Dear Commons Community,
CNN, NPR and The Huffington Post are reporting that more than 100 Gold Star families are suing several American defense contractors for allegedly paying protection money to the Taliban while building projects in Afghanistan. The payments, the lawsuit argues, “aided and abetted terrorism” against Americans by enabling the Taliban to continue to fight — and kill U.S. troops.
The lawsuit was filed Friday in the U.S. District Court for the District of Columbia by the families of 143 U.S. troops and contract workers killed or wounded in Afghanistan from 2009 to 2017. They were “attacked by a Taliban-led terrorist insurgency that Defendants helped finance,” the suit states.
It’s illegal under the federal Anti-Terrorism Act to provide material support to the Taliban. The U.S. has warned defense contractors that protection payments are against the law, but according to the lawsuit, the practice has proliferated because defense contractors feel it’s a cost of doing business.
“Defendants supported the Taliban for a simple reason: Defendants were all large Western companies with lucrative businesses in post-9/11 Afghanistan, and they all paid the Taliban to refrain from attacking their business interests,” the complaint says. “Those protection payments aided and abetted terrorism by directly funding an al-Qaeda-backed Taliban insurgency that killed and injured thousands of Americans.”
According to the lawsuit, the Taliban in 2005 began systematically approaching international businesses operating in Afghanistan, and offered them a choice: pay up, or else. “Defendants paid the Taliban to leave them alone,” the suit alleges. “The payments saved Defendants money: it was cheaper to buy off the Taliban than it would have been to invest in the security necessary to mitigate the terrorists’ threats.”
NPR reached out to every company named in the lawsuit. Most did not respond. Those who did respond declined to comment. In a statement to CNN, one of the companies — Black & Veatch — said it “followed the directives of the US government agencies that we served.” The company declined to comment specifically on the allegations in the suit.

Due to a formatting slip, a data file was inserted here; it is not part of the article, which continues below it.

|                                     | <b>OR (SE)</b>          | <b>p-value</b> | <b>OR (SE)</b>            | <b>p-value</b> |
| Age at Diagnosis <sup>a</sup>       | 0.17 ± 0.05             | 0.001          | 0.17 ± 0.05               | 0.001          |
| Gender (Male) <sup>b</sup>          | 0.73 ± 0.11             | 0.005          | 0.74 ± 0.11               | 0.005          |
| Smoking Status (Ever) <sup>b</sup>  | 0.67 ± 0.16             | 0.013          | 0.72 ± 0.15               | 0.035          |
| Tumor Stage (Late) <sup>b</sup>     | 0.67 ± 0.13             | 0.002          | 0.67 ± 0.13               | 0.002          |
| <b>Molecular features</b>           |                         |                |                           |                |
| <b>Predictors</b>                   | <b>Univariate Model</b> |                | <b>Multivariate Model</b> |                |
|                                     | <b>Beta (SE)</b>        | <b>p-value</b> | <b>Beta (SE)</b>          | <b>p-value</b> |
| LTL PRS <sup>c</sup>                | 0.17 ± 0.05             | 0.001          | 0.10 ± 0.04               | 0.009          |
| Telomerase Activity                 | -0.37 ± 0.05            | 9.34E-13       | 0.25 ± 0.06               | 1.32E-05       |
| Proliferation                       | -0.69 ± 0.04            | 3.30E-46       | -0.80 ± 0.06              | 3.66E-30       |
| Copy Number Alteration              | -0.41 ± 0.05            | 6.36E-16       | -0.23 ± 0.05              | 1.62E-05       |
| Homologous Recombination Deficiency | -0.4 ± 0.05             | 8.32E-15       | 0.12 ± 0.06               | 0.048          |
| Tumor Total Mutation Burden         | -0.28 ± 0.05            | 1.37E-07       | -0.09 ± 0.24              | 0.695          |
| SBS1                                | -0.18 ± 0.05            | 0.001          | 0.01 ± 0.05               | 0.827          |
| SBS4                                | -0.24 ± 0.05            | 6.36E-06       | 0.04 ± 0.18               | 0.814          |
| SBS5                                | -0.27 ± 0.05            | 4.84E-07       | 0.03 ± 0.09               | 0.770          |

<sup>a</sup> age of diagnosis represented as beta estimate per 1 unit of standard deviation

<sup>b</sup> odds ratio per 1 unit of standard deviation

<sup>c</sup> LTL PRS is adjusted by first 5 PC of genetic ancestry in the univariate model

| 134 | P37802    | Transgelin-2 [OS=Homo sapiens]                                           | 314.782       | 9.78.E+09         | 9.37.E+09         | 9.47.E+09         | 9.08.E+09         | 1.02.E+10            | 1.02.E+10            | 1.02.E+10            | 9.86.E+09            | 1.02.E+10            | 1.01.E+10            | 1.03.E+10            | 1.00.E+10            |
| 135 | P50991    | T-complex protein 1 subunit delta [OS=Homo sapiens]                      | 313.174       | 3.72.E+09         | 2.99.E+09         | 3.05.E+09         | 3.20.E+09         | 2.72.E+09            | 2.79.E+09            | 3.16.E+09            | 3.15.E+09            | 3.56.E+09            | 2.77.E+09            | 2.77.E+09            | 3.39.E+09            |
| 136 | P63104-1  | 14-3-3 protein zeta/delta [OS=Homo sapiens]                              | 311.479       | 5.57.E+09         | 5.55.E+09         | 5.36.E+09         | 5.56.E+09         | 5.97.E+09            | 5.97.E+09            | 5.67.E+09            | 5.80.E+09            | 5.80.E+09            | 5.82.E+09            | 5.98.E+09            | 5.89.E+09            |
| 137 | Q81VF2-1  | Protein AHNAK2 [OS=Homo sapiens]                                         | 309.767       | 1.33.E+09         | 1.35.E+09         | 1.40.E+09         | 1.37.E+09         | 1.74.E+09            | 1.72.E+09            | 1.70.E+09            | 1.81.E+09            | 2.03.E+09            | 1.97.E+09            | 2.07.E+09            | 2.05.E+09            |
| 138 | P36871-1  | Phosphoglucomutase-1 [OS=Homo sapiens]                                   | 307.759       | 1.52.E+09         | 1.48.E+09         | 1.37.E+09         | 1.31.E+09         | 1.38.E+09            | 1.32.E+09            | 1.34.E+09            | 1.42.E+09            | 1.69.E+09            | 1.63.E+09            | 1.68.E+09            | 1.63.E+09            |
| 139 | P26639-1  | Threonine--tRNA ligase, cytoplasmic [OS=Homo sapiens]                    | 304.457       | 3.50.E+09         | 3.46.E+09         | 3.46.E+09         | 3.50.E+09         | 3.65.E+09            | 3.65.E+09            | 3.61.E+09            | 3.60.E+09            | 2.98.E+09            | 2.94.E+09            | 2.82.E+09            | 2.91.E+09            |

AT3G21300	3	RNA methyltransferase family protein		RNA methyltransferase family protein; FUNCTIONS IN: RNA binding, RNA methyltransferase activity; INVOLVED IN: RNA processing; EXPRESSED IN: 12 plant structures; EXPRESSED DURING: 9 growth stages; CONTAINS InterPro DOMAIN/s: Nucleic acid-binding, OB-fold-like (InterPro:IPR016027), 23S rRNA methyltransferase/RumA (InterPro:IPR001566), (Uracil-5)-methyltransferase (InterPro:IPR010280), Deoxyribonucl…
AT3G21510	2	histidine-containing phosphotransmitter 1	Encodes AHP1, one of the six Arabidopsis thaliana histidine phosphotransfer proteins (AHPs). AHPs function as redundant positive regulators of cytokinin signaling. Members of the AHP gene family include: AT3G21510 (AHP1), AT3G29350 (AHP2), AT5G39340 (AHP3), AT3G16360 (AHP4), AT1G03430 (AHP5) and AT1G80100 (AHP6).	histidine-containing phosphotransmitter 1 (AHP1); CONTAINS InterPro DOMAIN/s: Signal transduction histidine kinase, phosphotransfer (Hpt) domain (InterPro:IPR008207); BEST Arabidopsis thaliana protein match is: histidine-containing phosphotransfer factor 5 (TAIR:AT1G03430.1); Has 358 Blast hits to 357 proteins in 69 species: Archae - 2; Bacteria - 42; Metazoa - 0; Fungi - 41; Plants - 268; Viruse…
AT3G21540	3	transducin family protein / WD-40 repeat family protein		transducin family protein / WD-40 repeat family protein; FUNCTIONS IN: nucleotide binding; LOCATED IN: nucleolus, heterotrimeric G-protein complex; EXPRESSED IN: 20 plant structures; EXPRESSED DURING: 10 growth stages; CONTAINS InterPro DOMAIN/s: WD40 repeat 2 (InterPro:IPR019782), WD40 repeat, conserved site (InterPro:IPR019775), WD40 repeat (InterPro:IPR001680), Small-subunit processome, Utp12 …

Barnett Rubin, associate director of NYU’s Center on International Cooperation, tells NPR that paying insurgents is “pretty universal” among defense contractors. It’s “the only way to get the supplies through, so the choice is funding the insurgency or not supplying the troops,” says Rubin, who formerly served as the senior adviser to the special representative for Afghanistan and Pakistan in the U.S. Department of State.
“This case is about obtaining justice for my husband’s death and the lives of so many others who were killed and injured by the terrorists in Afghanistan,” said August Cabrera in a statement. She’s the widow of Army Lt. Col. David Cabrera, believed to have been the first military social worker killed by enemy fire in the line of duty.
“The central issue here is the Pentagon’s reliance on contractors in war zones,” said Andrew Bacevich, professor emeritus of international relations and history at Boston University. “In the old days, the U.S. military when at war was largely self-sufficient. Today, the U.S. military is heavily dependent on profit-making enterprises, which inevitably privilege the bottom line over other considerations. I don’t know whether the evidence will sustain the plaintiffs in this case, but I sure wouldn’t be surprised.”
This sounds to me that the plaintiffs have a legitimate claim against these contractors!